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Surprising Vision Myths

Posted Aug 10 2011 1:20am

Photo by Louie Gomeyac Fangki

 

I was approximately 14 years old when it happened.  I was living in Germany at the time and my mother and I were leaving the store.  It was a very cold day.  Cold enough you could see your breath formed words if you tried to speak.  Shuffling over the black ice to our car, we passed the movie theater when my mom asked me what was playing.  I looked up and said, “I don’t know.”  She looked at me in astonishment, “What do you mean? Can’t you see the title in big block red letters?”  I squinted. I squinted harder. I couldn’t make out the words…

 

Of our five senses, vision is considered the most important.  It is how we navigate and interpret our environments, and it is the one we often take for granted until it’s gone.

Did you sit too close to the television as a child?  Did you reluctantly eat all your carrots because you were told they’d give you good vision?

Well it turns out these may just be myths!  Now before you go back to sitting in front of the television, let’s review the top three vision myths:

    • According to preventblindness.org, “There is no evidence to suggest that watching television for too long or sitting too close can damage your eyes.”  In fact, children often sit close to focus on the details in the image. It is like their mini IMAX theater experience.
    • Similar to a camera, our pupils naturally dilate to allow more light in.  However, reading in low light may cause fatigue and headaches due to the strain on the eye muscles.
So now that I can stop buying carrots by the truck load, what can or should I do for my eyes? Eye exams are important, especially if you currently wear prescriptive lenses.

It is possible to sunburn your eyes – your eye balls!  Damage to our eyes can occur from reflecting light from the snow, sand, water and pavement.  One of my running partners told me about her experience this past June.  She was running the Rock N Roll San Diego marathon when she sunburned her ojos!  Although she was wearing a running cap, she wasn’t wearing sunglasses.  The light reflected from the pavement, off the light colored brim of her hat to her lower eyes.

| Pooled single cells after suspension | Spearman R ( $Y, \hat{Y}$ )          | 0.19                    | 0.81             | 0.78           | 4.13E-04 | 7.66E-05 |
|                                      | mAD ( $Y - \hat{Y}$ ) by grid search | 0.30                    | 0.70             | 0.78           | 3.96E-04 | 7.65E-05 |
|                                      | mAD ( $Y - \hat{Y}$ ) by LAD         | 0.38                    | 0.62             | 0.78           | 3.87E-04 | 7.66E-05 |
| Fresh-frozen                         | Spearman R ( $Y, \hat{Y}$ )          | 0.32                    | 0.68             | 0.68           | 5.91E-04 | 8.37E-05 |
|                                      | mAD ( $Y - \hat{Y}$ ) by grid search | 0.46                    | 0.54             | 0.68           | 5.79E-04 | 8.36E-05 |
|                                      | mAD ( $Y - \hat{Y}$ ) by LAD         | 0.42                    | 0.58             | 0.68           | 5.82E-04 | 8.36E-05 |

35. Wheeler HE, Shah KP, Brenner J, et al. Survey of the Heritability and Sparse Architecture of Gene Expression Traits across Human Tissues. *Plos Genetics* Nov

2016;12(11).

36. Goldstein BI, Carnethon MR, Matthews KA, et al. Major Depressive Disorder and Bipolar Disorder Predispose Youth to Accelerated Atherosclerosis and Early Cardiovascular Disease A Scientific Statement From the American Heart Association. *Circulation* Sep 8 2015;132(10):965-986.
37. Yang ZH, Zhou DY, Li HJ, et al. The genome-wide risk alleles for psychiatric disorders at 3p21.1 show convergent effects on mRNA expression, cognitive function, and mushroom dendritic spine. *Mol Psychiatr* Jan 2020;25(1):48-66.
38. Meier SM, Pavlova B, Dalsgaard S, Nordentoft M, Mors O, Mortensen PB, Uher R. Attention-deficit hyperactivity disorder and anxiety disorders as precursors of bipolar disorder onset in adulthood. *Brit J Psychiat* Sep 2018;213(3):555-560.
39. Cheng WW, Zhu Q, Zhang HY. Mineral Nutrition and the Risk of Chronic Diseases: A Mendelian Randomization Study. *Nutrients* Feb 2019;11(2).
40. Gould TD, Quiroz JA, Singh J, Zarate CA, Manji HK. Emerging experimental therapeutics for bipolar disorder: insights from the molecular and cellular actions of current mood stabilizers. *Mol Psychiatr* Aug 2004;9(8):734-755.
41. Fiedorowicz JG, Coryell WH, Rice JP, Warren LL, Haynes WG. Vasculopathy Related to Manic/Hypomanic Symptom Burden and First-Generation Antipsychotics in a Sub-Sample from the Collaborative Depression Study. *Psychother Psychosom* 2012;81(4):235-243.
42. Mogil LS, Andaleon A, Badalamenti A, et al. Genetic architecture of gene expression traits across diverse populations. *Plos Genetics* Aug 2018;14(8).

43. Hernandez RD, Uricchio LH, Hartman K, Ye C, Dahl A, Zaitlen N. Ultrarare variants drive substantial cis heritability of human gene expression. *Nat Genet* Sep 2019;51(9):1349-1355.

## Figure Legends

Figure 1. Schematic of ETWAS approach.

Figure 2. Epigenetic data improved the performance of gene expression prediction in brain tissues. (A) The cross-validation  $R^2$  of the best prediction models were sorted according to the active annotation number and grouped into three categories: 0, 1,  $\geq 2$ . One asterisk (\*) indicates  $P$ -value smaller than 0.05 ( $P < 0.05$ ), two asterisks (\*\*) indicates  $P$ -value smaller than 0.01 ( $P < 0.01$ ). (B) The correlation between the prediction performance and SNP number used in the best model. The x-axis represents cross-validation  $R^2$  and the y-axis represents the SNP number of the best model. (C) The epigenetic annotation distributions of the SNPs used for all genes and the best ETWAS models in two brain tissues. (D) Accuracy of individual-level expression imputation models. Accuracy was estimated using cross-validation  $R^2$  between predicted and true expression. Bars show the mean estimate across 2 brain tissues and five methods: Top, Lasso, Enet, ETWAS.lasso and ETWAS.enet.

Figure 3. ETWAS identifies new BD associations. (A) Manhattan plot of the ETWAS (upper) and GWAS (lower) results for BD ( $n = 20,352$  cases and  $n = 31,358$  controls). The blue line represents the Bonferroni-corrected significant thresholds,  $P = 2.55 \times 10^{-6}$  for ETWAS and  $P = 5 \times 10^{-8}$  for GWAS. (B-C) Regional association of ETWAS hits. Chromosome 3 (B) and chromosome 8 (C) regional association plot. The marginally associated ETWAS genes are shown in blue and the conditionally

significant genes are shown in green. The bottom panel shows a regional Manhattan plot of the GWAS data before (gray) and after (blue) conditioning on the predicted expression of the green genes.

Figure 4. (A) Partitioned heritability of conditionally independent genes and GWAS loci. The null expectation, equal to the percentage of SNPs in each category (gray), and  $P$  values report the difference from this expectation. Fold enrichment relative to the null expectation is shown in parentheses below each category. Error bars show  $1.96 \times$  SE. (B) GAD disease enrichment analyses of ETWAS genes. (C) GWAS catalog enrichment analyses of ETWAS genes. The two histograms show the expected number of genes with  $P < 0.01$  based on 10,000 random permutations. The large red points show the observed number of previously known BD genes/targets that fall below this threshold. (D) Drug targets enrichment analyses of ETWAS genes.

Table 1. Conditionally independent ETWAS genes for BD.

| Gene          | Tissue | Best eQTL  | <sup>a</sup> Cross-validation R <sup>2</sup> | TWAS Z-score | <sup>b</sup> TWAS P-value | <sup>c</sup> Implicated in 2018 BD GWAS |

A cap helps keep sweat from getting in your eyes and provides shade for your face; however, you still need sunglasses to protect your eyes from the sun’s damaging rays.

While eating carrots may not necessarily change my near sightedness to 20/20 vision, they may help prevent degradation and maintain eye health.

Specifically, beta carotene (a form of vitamin A)  is important for eye health. However, the amount we need is very small.

Carotenoids is the term used to describe yellow, orange and red pigments found in foods. They work with vitamins C and E as antioxidants to protect our bodies against free radicals.

Carotenoids and the eye

Carotenoids found in dark leafy green vegetables such as Swiss Chard and spinach may help prevent eye related problems such as macular degeneration and cataracts.

 

…I do not recall the movie on the marquee at the time. However, I do remember my first pair of glasses — big round circles!  They felt awkward and I definitely feared being called names.

I did sit too close to the t.v. and read scores of books under my covers with a flashlight.  At least now I know that those activities are not necessarily responsible for my near sightedness, and I can lay off the carrots.

 

August is National Children’s Eye Health and Safety Month.  To find out more about common eye problems affecting children and adults please visit their website .

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